npm -v
2.6.0

How can we list global packages?

npm list --global
npm list -g --depth=0

The above command displays a list of npm packages that were installed globally.

What happens when we install an npm package locally?

Installing packages in local mode is done without the —global flag. The package will be installed in your parent working directory in a node_modules folder.

How can we list local npm packages?

npm list

How can we re-install a local npm package?

npm is a package manager so it must be able to delete a package. Let’s assume that the current underscore package is causing us compatibility problems. We can delete the package and install an older version, like so:

npm uninstall underscore
unbuild underscore@1.8.2
npm list
/home/sitepoint/project
└── (empty)

npm install underscore@1.7.0
underscore@1.7.0 node_modules/underscore
npm list
/home/sitepoint/project
└── underscore@1.7.0

How can we update an npm package to the latest version?

The latest version of underscore fixed the bug we had earlier and we want to update our package to that version:

npm update underscore

How can we clean the npm cache?

When npm installs a package it keeps a copy, so the next time you want to install that package, it doesn’t need to hit the network. The copies are cached in the .npm directory in your home path. This directory will get cluttered with old packages over time, so it’s useful to clean it up occasionally.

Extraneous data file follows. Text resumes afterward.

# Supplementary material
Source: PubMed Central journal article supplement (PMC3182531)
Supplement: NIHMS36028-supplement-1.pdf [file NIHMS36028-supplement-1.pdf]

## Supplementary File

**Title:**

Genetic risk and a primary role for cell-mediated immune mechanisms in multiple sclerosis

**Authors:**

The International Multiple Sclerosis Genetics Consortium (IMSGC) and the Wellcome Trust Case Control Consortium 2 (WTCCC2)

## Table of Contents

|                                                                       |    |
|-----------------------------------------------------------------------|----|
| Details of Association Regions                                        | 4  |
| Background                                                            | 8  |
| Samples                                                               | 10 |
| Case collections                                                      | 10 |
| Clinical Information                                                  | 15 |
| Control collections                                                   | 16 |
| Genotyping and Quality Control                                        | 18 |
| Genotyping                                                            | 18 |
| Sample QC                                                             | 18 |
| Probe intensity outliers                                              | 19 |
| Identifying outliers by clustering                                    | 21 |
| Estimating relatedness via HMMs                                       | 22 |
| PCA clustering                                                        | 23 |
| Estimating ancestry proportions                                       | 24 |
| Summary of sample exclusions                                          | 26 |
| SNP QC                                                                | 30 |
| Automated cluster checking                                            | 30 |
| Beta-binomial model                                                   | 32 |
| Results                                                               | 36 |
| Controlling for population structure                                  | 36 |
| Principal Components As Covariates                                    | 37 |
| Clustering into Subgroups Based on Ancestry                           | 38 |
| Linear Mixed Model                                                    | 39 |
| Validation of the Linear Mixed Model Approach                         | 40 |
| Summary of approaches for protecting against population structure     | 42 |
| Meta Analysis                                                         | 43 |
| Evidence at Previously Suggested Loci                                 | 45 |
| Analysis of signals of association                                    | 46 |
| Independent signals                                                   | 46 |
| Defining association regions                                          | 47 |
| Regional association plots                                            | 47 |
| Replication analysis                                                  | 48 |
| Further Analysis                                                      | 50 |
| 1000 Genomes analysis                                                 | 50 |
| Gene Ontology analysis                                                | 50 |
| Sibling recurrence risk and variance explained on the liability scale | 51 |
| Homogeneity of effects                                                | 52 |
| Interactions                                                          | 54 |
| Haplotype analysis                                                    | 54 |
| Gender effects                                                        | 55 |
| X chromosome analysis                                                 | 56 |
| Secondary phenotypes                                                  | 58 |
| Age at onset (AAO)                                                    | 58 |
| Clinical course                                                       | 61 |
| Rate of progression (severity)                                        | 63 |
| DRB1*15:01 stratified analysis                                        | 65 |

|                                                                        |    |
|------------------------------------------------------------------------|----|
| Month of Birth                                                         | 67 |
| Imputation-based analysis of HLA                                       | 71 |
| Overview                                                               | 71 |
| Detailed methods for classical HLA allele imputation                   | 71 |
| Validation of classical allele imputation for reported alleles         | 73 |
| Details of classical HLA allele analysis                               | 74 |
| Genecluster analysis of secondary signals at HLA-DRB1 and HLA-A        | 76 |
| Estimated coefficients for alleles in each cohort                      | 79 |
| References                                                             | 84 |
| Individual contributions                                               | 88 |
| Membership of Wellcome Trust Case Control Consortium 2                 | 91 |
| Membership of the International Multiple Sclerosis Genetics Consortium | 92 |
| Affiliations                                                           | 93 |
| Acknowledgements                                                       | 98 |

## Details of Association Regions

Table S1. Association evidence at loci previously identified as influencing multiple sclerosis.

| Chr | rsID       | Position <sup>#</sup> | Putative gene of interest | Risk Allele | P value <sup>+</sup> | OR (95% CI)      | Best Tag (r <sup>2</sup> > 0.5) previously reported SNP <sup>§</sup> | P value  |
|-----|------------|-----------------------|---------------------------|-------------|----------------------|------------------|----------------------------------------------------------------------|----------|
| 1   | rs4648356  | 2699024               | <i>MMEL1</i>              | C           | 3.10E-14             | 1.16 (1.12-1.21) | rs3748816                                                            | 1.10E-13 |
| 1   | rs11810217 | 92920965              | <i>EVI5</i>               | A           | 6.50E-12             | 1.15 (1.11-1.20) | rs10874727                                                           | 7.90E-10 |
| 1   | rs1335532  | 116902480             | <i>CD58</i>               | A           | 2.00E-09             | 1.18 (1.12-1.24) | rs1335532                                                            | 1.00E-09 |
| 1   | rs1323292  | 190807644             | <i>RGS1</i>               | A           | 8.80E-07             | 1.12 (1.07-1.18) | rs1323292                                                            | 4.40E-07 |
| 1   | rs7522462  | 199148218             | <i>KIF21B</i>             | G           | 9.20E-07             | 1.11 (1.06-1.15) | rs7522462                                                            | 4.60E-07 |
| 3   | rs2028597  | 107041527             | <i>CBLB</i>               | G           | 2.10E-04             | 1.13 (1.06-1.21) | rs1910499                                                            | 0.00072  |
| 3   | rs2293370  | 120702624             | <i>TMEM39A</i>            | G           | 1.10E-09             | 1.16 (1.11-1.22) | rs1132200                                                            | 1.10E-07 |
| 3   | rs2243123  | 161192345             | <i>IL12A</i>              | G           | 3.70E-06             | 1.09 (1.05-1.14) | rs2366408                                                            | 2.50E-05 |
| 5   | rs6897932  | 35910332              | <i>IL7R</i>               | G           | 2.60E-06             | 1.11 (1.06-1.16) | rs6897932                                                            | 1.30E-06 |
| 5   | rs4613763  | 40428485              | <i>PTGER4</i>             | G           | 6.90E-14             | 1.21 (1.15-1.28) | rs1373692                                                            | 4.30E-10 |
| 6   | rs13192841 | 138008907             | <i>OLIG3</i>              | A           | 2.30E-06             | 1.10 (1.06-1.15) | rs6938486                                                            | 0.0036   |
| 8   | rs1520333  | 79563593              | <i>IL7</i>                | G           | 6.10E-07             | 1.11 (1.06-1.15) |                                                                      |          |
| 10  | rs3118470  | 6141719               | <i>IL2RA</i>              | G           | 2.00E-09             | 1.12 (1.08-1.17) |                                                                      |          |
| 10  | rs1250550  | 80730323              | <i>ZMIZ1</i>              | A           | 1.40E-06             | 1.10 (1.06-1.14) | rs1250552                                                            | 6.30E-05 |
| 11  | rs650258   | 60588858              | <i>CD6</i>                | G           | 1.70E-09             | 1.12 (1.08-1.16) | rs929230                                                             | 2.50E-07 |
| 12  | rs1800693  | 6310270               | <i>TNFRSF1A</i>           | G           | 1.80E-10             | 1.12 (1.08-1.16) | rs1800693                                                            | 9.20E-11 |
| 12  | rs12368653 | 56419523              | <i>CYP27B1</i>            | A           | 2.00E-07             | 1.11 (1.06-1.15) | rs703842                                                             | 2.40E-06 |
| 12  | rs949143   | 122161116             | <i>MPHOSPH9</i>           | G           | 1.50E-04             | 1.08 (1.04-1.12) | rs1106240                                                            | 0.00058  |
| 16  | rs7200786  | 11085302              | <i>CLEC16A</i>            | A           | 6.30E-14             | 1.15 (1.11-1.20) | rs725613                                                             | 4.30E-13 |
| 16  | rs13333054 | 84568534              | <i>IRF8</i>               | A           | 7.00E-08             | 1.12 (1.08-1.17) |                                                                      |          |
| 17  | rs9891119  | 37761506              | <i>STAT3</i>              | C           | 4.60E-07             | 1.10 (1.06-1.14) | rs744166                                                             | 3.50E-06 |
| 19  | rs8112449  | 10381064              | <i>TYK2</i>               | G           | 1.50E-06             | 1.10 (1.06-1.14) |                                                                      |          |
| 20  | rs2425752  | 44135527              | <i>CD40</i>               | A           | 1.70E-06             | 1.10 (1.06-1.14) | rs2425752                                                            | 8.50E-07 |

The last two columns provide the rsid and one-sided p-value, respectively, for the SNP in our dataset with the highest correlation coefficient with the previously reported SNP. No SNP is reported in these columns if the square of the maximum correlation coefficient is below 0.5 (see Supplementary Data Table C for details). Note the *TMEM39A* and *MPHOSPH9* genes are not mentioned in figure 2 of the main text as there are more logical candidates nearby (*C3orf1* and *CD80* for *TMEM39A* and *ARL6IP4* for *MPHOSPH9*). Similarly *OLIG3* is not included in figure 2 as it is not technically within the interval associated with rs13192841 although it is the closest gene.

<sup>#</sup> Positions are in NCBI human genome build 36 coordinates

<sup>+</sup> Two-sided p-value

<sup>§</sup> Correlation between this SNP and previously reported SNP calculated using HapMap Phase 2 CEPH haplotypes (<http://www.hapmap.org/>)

npm cache clean

What is the purpose of the 'scripts' entry in the package.json file?

A sample package.json file:

{
  "name": "buildtool",
  "version": "1.0.0",
  "description": "npm as a build tool",
  "dependencies": {},
  "devDependencies": {},
  "scripts": {
    "info": "echo 'npm as a build tool'"
  },
  "author": "SitePoint",
  "license": "ISC"
}

As you can see, we have a scripts object with a property called info. The value of info is going to be executed in the shell as a command. We can see a list of the scripts properties (also known as commands) and values defined in a project by running the command:

npm run

If you run the previous command in our project folder, you should see the following result:

Scripts available in buildtool via `npm run-script`:
  info
    echo 'npm as a build tool'

In case you want to run a specific property, you can run the command:

npm run <property>

So, to run the info command we defined in the package.json file, we have to write:

npm run info

If you only want the output of info, you can use the -s flag which silences output from npm:

npm run info -s
npm as a build tool

We only used a simple echo so far, but this is a very powerful feature. Everything on the command line is available to us and we can be very creative here.

Next, we have to add a property to our scripts object in package.json that will trigger jshint. To do that, we’ll create a lint property as follows:

"scripts": {
  "info": "echo 'npm as a build tool'",
  "lint": "echo '=> linting' && jshint assets/scripts/*.js",
  "test": "echo '=> testing' && mocha test/"
}

Now, we can run the lint command:

npm run lint -s

npm has a few convenient shortcuts, namely npm test, npm start and npm stop. These are are all aliases for their run equivalents, which means we just need to run npm test to kick mocha into action:

What are the pre and post hooks?